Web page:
Tigre people

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Regions with significant populations
Flag of Eritrea.svg  Eritrea 1.8 million [1]
Flag of Sudan.svg  Sudan c. 20,000 refugees [2]
Star and Crescent.svg Islam (95%)
Christian cross.svg Christianity (5%) [3] [4]
Related ethnic groups
Tigrinya, Tigrayans, Amhara, Gurage, Harari and other Ethio-Semitic People [5]

The Tigre people (Tigre : ትግረtigre or ትግሬtigrē) are an ethnic group indigenous to Eritrea. They mainly inhabit the lowlands and northern highlands of Eritrea.



The Tigre are a nomadic agro-pastoralist community living in the northern, western, and coastal highlands of Eritrea (Gash-Barka, Anseba, Northern Red Sea regions of Eritrea and other regions too), as well as areas in eastern Sudan. The Tigre speak the Tigre language, which belongs to the Semitic branch of the Afroasiatic family. They are not ethnically homogeneous; diversity is mainly along familial and clan lines. The Tigre ethnic group is broken into the Beni-Amer, Beit Asgede, Ad Shaikh, Mensa, Beit Juk, and Marya peoples. [2]

The original speakers of the Tigre language were mainly Christian, reflecting cultural exchange with neighboring Ethiopia. [2] The first Tigre converts to Islam were those who lived on islands in the Red Sea and adopted Islam in the 7th century during the religion's earliest years. Mainland Tigre adopted Islam much later on including as late as the 19th century. [6] During World War II, many Tigre served in the Italian Colonial army, part of the period of Italian Eritrea. [2]

The Tigre are closely related to the Biher Tigrinya of Eritrea, [6] as well as the Beja (particularly the Hadendoa). [7] There are also a number of Eritreans of Tigre origin living across the Middle East, North America, the United Kingdom and Australia.[ citation needed ]


About 95% of Tigre practice Islam, the remainder practice Christianity, and both incorporate elements of the animist folk religion. [2] [8] Religious divisions have not been of particular concern within the Tigre. [8] Most are Sunni Muslims, but there are a small number of Christians (who are members of the Eritrean Orthodox Tewahedo Church, the Roman Catholic Church, and the Evangelical Lutheran Church of Eritrea) among them as well (often referred to as the Mensaï in Eritrea).[ citation needed ]


The Tigre language is an Afroasiatic language of the Semitic branch. Like Tigrinya, it is a member of the Ethiopian Semitic group, and is similar to ancient Ge'ez. [9] [ better source needed ] There is no known historically written form of the language. The Eritrean government uses the Ge'ez writing system (an abugida) to publish documents in the Tigre language.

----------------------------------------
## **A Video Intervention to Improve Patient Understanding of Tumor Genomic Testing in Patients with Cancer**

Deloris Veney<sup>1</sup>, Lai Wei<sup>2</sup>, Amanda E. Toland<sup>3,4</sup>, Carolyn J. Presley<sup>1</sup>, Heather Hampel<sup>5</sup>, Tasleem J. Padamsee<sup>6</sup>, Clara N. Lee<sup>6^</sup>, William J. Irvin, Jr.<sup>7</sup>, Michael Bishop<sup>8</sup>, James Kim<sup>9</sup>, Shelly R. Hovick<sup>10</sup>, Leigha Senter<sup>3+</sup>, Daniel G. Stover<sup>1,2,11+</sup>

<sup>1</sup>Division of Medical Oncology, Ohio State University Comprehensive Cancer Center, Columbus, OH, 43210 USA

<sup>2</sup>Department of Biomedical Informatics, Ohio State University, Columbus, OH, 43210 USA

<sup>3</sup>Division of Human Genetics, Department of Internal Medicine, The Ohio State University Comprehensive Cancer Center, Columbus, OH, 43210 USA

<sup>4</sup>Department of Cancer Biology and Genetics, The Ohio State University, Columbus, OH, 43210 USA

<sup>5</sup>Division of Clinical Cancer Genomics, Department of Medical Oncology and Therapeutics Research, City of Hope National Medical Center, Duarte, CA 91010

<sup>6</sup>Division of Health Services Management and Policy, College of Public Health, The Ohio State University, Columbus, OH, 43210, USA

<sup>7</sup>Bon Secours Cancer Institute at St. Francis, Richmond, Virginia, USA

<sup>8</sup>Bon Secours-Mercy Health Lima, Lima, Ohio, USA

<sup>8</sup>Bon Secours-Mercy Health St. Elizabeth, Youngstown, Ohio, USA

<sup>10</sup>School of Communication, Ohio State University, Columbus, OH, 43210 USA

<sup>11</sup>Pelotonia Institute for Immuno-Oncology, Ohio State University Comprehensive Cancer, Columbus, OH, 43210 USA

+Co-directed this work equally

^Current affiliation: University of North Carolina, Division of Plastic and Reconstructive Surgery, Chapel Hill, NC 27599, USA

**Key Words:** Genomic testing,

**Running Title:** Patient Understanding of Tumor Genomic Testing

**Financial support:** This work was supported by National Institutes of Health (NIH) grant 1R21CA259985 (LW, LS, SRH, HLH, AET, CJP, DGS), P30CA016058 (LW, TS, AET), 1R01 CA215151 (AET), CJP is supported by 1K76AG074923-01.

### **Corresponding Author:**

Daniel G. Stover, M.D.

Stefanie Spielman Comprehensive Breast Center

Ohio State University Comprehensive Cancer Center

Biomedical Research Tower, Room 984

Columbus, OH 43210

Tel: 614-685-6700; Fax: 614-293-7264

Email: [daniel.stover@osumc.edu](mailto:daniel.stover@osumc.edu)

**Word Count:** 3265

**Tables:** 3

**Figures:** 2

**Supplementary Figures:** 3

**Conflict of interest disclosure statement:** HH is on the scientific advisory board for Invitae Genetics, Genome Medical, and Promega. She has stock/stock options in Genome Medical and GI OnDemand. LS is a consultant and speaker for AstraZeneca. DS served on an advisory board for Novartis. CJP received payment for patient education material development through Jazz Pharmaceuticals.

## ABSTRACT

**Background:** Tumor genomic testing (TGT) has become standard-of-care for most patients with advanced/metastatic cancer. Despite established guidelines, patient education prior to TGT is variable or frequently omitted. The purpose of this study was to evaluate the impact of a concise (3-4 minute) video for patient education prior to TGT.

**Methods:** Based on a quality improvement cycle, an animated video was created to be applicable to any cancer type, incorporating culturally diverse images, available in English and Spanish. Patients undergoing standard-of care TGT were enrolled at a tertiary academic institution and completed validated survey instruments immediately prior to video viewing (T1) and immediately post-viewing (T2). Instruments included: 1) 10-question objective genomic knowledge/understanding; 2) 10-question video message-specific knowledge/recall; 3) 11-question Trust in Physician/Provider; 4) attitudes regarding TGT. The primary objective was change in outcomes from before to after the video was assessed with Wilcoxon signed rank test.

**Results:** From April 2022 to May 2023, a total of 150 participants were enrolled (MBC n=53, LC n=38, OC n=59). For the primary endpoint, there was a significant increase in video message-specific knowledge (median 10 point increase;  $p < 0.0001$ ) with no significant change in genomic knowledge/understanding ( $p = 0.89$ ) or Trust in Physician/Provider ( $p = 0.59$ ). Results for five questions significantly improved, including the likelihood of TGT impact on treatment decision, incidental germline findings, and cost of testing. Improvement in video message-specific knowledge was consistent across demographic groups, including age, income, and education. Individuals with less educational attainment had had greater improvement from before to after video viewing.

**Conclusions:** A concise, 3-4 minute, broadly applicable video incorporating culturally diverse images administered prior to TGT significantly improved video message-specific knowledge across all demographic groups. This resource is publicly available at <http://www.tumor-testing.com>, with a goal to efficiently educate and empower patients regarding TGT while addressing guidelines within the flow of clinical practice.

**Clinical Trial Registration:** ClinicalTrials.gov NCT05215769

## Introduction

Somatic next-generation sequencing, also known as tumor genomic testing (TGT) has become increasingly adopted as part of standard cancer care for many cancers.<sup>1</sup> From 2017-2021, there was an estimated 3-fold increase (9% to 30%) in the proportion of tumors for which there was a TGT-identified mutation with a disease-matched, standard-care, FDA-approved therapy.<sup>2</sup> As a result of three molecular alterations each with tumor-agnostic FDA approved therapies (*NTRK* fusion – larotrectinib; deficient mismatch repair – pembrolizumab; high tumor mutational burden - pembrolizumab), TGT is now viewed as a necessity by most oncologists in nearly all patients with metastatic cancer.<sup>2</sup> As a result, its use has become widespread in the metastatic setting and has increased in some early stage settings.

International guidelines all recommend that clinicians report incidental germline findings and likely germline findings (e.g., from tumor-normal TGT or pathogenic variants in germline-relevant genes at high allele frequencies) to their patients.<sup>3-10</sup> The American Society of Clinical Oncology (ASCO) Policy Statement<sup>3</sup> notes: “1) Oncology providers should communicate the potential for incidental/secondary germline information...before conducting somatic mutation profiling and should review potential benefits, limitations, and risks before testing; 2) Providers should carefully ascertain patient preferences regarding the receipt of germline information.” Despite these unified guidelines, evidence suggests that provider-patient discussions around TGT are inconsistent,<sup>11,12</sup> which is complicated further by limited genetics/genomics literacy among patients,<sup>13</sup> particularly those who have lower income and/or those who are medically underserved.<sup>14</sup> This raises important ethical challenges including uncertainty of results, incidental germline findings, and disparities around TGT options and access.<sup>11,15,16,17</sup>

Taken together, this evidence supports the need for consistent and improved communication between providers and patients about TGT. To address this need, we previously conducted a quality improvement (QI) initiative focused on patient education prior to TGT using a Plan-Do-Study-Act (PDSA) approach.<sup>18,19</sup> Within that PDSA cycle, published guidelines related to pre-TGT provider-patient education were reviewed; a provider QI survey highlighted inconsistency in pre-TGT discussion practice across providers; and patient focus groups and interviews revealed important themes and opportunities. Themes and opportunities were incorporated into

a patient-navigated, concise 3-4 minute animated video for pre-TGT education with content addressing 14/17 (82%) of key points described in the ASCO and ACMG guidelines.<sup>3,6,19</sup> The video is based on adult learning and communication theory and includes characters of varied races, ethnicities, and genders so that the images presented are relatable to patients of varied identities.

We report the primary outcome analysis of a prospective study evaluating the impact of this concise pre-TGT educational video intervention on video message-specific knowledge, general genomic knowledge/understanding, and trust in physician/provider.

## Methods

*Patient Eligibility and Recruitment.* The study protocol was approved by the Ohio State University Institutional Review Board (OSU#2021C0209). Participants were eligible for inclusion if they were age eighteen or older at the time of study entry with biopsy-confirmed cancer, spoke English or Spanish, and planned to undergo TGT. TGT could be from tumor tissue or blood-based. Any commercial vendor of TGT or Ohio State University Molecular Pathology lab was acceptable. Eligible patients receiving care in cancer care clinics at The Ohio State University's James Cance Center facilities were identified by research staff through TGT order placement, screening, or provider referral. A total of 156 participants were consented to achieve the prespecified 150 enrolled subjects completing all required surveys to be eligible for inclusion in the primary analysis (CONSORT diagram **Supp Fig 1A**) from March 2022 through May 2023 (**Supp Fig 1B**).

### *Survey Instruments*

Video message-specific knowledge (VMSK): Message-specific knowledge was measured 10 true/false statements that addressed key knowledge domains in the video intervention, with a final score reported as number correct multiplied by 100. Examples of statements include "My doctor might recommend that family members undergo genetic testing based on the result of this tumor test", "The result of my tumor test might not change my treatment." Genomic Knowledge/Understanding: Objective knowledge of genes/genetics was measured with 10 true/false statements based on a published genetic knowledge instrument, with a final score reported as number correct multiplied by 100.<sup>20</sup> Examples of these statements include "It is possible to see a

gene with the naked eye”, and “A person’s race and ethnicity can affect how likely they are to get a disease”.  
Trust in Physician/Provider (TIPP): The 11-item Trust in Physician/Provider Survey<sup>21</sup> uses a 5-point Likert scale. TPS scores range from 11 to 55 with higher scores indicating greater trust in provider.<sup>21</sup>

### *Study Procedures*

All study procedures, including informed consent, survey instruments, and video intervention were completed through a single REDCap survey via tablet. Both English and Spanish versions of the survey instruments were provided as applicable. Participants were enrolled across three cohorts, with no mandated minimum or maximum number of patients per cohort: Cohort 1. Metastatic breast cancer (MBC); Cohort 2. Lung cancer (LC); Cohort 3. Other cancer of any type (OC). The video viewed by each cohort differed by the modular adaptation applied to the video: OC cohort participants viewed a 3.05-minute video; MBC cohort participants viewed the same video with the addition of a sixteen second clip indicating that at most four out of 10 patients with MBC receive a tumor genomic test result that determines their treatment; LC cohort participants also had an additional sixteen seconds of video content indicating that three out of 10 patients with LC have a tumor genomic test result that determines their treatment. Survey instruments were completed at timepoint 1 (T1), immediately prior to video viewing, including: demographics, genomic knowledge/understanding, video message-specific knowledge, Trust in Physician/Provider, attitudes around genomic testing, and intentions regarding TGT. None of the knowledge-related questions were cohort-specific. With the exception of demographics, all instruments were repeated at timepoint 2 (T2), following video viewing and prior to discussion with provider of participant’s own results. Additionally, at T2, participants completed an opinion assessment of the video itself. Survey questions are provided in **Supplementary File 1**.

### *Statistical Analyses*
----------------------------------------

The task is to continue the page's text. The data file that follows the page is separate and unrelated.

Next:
Tigre is the lingua franca of the multi-ethnic lowlands of western and northern Eritrea, including the northern coast. As such approximately 75% of the Western Lowlands Eritrean population speaks Tigre.

Since around 1889, the Ge'ez script (Ethiopic script) has been used to write the Tigre language. Tigre speakers formerly used Arabic more widely as a lingua franca. [10] Due to most Tigre speakers being Muslim, the language is also written in the Arabic alphabet. [11]

The Tigre people, language and their area of inhabitation should not be confused with that of the Tigrayans, who live in northern Ethiopia and the Biher-Tigrinya who live in the central Eritrean highlands, both of which speak varying dialects of Tigrinya, a closely related Semitic language.


There are several dialects of Tigre, some of them are; Mansa’ (Mensa), Habab, Barka, Semhar, Algeden, Senhit (Ad-Tekleis, Ad-Temariam, Bet-Juk, Marya Kayah, Maria Tselam) and Dahalik, which is spoken in Dahlak archipelago. Intelligibility between the dialects is above 91% (except Dahalik), where intelligibility between Dahalik and the other dialects is between 24% to 51%. [12]

Notable Tigre people

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<span class="mw-page-title-main">Tig (Tigrinya language)</span>

Tig (ትግ) is a prefix to several words, which sometimes causes confusion amongst indigenous Eritrean and Ethiopians as well as foreigners. Moreover, there is a need for clarifying the categories that are attached to the prefix as there are several points of overlap in the linguistic variations of the words. Thus demystification of the typology, phonetics, and syntax is needed for all variations of the Ethiopian/Eritrean prefix across the indices of Region (Territory), Language (Linguistic), and Ethnicity (Peoples) – See Figure 1.




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    2. 1 2 3 4 5 Skutsch, Carl (2013-11-07). Encyclopedia of the World's Minorities. Routledge. pp. 1200–1201. ISBN   978-1-135-19388-1.
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    6. 1 2 Olson, James Stuart (1996). The peoples of Africa: an ethnohistorical dictionary. Greenwood. pp. 557–58. ISBN   978-0-313-27918-8.
    7. Journal of the Royal Anthropological Institute. Royal Anthropological Institute. p. 609. Retrieved 25 July 2017.
    8. 1 2 Yakan, Muḥammad Zuhdī (1999). Almanac of African peoples & nations. Transaction. p. 667. ISBN   978-1-56000-433-2.
    9. Allen, H (1888). Th Encyclopedia of Britannica . Retrieved 5 December 2016.
    10. "Tigré". Ethnologue. Retrieved 30 October 2017.
    11. Weekes, Richard V. (1978). Muslim peoples: a world ethnographic survey. Greenwood Press. p. 418. ISBN   0837198801.
    12. Eritrean census figure cited by Ethnologue.

    Further reading